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Common Ski Injuries – And How To Avoid Them


Skiing becomes safer every season. Accident statistics prove this: Every year, fewer and fewer winter sports enthusiasts get injured. This means more protection from the equipment and better prepared and considerate skiers. However, as with any sport, there is of course a certain risk of injury when skiing. We take a look at the six most common ski injuries, their causes and how best to avoid them.

Better protective equipment, better treatment, better prepared skiers and safer slopes – these are the main reasons why injuries in winter sports are at an all-time low. However, as with any sport, falls and injuries are always a risk when skiing. While this risk cannot be completely eliminated, most accidents can be avoided by good and conscientious preparation, foresight and equipment.

The most common injury spots when skiing

It is the knees that suffer most from skiing. Women as well as men injured themselves the most. However, the differences are great. In the 2016/2017 winter season, a good 44 percent of all women suffered a ski injury at the knee, while the figure for male skiers was only 23 percent. This makes knee injuries the most common average injury during skiing.

After knee injuries, shoulder injuries are particularly frequent among men (24.5 percent). A good 20 percent of all skiers injure themselves in this area, followed by head injuries (eleven percent).

The torso is also a place where many winter sports enthusiasts get injured. More than nine percent suffer injuries in this area. This makes it the fourth most common area of injury in skiing.

Hips and thighs are the fifth most common injury when skiing, and lower legs are sixth on the injury scale.

Self overestimation: Many injuries could be avoided

As can be seen from these particularly frequent injuries, falls are the main cause of injuries while skiing. 84 percent of all injuries during skiing are self-inflicted and occur after falls. Only six percent of ski accidents occur after a collision with other skiers.

On the one hand, this means that the slopes themselves are safe and modern ski equipment prevents many more serious accidents. On the other hand, it also shows that falls are usually the fault of the skier and can therefore be avoided.

For example, more than half of all skiers are injured in the first two days of their skiing holiday. In addition to the unusual height, the special weather conditions also lead to more frequent falls during this time. In addition, the body is often not adjusted to the forthcoming effort due to a lack of appropriate physical preparation for winter sports and the lack of driving routine is also noticeable in falls.

This can be avoided by taking it easy on the slopes in the first few days. This means that you should take enough breaks, ski easier slopes at the beginning and finish your day in the early afternoon. This way the body can get used to the altitude as well as to the athletic demands without being injured due to carelessness or lack of training.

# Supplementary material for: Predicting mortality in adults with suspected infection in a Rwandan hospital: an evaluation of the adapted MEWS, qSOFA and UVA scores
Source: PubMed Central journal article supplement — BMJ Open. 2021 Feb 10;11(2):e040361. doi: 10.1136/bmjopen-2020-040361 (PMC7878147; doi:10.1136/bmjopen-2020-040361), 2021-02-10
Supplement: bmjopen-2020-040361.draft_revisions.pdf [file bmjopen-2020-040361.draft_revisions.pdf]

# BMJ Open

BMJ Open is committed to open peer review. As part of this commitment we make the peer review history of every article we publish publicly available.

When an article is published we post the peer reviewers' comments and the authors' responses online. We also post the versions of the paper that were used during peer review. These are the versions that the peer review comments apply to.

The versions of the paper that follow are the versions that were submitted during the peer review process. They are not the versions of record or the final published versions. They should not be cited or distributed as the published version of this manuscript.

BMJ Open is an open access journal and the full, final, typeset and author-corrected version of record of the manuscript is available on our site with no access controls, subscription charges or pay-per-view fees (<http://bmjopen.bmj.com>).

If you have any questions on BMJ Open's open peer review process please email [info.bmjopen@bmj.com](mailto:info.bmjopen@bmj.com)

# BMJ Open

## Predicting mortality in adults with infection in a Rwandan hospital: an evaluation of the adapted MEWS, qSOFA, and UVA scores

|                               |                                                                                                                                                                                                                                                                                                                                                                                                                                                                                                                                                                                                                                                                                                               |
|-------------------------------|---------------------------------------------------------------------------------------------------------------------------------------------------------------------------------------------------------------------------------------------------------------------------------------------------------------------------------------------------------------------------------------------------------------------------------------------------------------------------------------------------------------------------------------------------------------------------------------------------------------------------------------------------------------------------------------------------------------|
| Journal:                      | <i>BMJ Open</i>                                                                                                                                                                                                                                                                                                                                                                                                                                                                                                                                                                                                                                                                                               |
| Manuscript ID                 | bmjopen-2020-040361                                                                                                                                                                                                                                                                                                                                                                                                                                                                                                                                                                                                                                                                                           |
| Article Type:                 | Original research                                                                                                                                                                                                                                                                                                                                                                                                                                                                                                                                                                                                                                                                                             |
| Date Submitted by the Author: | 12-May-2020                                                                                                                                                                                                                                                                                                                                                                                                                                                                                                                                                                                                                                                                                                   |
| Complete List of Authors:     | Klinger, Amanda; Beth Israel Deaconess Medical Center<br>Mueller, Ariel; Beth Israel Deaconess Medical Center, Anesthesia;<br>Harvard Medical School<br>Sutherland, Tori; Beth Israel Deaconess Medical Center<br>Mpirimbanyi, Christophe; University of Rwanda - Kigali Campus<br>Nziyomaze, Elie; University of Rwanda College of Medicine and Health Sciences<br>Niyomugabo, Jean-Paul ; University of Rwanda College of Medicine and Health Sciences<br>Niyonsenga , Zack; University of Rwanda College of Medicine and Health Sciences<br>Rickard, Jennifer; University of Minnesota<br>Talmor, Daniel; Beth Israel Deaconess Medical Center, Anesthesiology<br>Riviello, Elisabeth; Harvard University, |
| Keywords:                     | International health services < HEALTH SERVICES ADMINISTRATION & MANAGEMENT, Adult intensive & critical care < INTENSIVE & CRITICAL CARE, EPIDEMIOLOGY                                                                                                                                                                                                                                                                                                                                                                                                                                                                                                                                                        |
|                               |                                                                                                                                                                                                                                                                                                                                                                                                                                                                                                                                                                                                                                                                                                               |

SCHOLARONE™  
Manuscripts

Those who notice after the first descents that they feel insecure on the skis can also take a ski course. This way you can refresh and deepen your own knowledge and then be more confident on the slopes.

In general, overestimating one’s own self and the resulting riskier skiing style is another reason for injuries while skiing. In addition, both the wide carving skis and the well-prepared pistes convey a strong feeling of safety that can lead skiers to risky behaviour.

Again, caution is better than injury and the end of the ski holiday. If you slowly increase the speed and difficulty of the slopes, you will not only have just as much fun downhill, but also a much lower risk of injury.

Ignorance is one of the most frequent causes of falls and collisions when skiing, even after the first few days of your skiing holiday. Of course, it is not always possible to avoid a collision, but if you go out on the piste well-rested and rested, are physically fit and therefore more alert, you can avoid many such accidents.

The warming up before the first descent is not to be underestimated in order to get the circulation going and to warm up the muscles. This reduces the risk of injury on the piste.

During the ride you should always take breaks and drink enough – preferably water and no alcohol. Also not too hearty snacks ensure that you can regain your strength and drive more concentrated. This also results in much fewer falls and injuries.

This equipment helps against injuries

In addition to foresighted and attentive skiing, the equipment can also help enormously to minimize the risk of injury when skiing.

Young male skiers in particular rely on back protectors for winter sports. These can at least cushion falls in the back and torso area, even if the protectors do not mean that one can or should therefore ski faster and riskier.

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Wrist protectors also offer good protection against falls. But the ski helmet offers the demonstrably best protection in terms of equipment – for most people it already belongs to standard equipment. A helmet protects against severe head injuries in the event of a fall and should therefore be important to every winter sports enthusiast.

Even if skiing accidents can never be completely avoided, many of the top injuries after falls can be prevented by careful skiing, caution and good protective equipment.